Wednesday, September 2, 2009

Keep your pastor

How to Keep the Pastor You Love

By Jane Rubietta

Here are excerpts from a good book that church staff, elders and/or members should read:

Guidelines for Better Church-to-Pastor Communication:

  • Be honest about expectations.
  • Communicate unwritten rules about the church and parsonage. (If the coffee pot is an idol, tell the ministerial family so they don’t unwittingly use if for a social or for the staff barbecue at the manse.)
  • Write down the unwritten rules.
  • Be willing to negotiate on those rules!
  • Get the job description and benefits/ compensation.
  • Ask questions to clarify.
  • Assume nothing.

P. 50 – Jane Rubietta: How to Keep the Pastor You Love

One day a week scarcely suffices for clergy or anyone to recharge emotionally, physically and spiritually; keep one’s home in order and in repair; and have quality and quantity family time. Ministers do not move from glory to glory but from crisis to crisis. Even if they took their one allotted day off, it is not enough to keep them from becoming one of those untimely funerals. P. 54 – Jane Rubietta: How to Keep the Pastor You Love

The Omniscience Quotient: Expectations and the Pastorate:

“You didn’t come to see my mother while she was so ill.” The woman’s eyes burned holes in Rev. Stewart. “Where were you when we needed you?”

The pastor’s voice was low, gentle. “Alice, when did you tell me she was in the hospital?”

Alice dropped her gaze mumbling, “You should know. I-I thought you knew.”

The minister, who often acts as a lightning rod, was a likely target for Alice’s pain over her mother’s death. Her anger, which steamrolled to the point of threatening Rev. Stewart’s pastorate, began to dissipate through conversations with the pastor and the pastor-relations board.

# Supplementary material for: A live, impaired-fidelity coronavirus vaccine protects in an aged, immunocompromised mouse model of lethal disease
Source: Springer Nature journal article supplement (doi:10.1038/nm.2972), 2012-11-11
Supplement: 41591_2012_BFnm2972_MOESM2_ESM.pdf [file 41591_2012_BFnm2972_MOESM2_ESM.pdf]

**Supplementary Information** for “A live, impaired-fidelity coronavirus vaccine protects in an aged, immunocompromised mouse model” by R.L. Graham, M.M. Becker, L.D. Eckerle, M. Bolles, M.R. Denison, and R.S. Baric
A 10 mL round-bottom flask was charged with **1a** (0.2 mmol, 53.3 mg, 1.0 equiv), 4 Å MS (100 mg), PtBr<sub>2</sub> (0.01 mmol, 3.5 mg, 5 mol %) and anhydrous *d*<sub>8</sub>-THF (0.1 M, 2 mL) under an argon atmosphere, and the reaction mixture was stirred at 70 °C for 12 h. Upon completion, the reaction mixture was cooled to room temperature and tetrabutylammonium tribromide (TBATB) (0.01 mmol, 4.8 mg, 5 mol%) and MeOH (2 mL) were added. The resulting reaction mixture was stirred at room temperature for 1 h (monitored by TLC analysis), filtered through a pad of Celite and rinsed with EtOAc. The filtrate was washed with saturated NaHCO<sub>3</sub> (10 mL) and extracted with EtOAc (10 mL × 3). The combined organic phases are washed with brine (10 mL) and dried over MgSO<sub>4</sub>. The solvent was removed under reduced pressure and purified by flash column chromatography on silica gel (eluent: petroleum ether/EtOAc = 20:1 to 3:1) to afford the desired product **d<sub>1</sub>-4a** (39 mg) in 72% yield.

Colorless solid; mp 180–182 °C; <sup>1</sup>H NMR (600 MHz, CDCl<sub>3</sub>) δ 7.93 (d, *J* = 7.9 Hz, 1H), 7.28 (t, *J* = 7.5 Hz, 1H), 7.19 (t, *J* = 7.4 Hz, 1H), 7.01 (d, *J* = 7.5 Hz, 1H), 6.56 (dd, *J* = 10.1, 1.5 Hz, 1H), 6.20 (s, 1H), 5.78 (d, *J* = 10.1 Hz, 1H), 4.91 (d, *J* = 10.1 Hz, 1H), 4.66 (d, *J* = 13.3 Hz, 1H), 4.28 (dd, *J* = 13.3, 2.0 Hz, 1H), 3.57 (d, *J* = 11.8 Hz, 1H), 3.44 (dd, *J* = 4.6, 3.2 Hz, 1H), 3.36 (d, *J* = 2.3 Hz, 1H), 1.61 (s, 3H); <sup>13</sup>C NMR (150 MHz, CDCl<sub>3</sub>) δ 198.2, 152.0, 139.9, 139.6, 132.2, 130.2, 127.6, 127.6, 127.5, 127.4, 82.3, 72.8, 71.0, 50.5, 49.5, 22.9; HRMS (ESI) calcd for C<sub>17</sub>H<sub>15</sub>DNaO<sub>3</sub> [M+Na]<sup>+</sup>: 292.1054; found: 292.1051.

Somewhere, a universal, unwritten expectation exists: that pastors have a direct, intuitive crisis line revealing the problems and needs of parishioners. These hidden assumptions have led to pastoral depression and guilt, and result in conflict in many churches.

Pp. 55-56 – Jane Rubietta: How to Keep the Pastor You Love

Expectations are the reason 33 percent of clergy leave their pastorate.

Pastors “are one of the most frustrated occupational groups in our country…the reason may have much to do with their inability to live up to the expectations placed upon them.” P. 57 – Jane Rubietta: How to Keep the Pastor You Love

Pastors, spread too thin and too far for maximum effectiveness for the kingdom, risk losing their ministries, their faith and their joy. Most have experienced personal and professional crises that threatened to incapacitate their work.

For example, spiritual drought, isolation and unachievable expectations can destroy families. Over two years Dallas Theological Seminary professor Dr. Howard Hedricks collected 246 names of ministers who confessed to moral failure. They had four common characteristics: they were not having personal time with God, were counseling the opposite sex, had no close friends and had the attitude, “It cannot happen to me.”

Stress and burnout both lead to isolation, creating an endless downward spiral.

Pp. 65-66 – Jane Rubietta: How to Keep the Pastor You Love

Depression is prevalent among ministers. One survey found that 67% of female clergy experience depression in their ministry; among male clergy, the number was 60%. P. 66 – Jane Rubietta: How to Keep the Pastor You Love

Forty-nine percent of pastors say “Pastoring this church has been difficult on my family.” P. 89­ – Jane Rubietta: How to Keep the Pastor You Love

“Eighty percent of practicing pastors think ministry negatively affects them or their families.”

“Most pastors work in excess of 70 hours a week. Seventy percent don’t take a week of vacation during the year, and 60 percent don’t get a full day off during the week.”

P. 90 – Jane Rubietta: How to Keep the Pastor You Love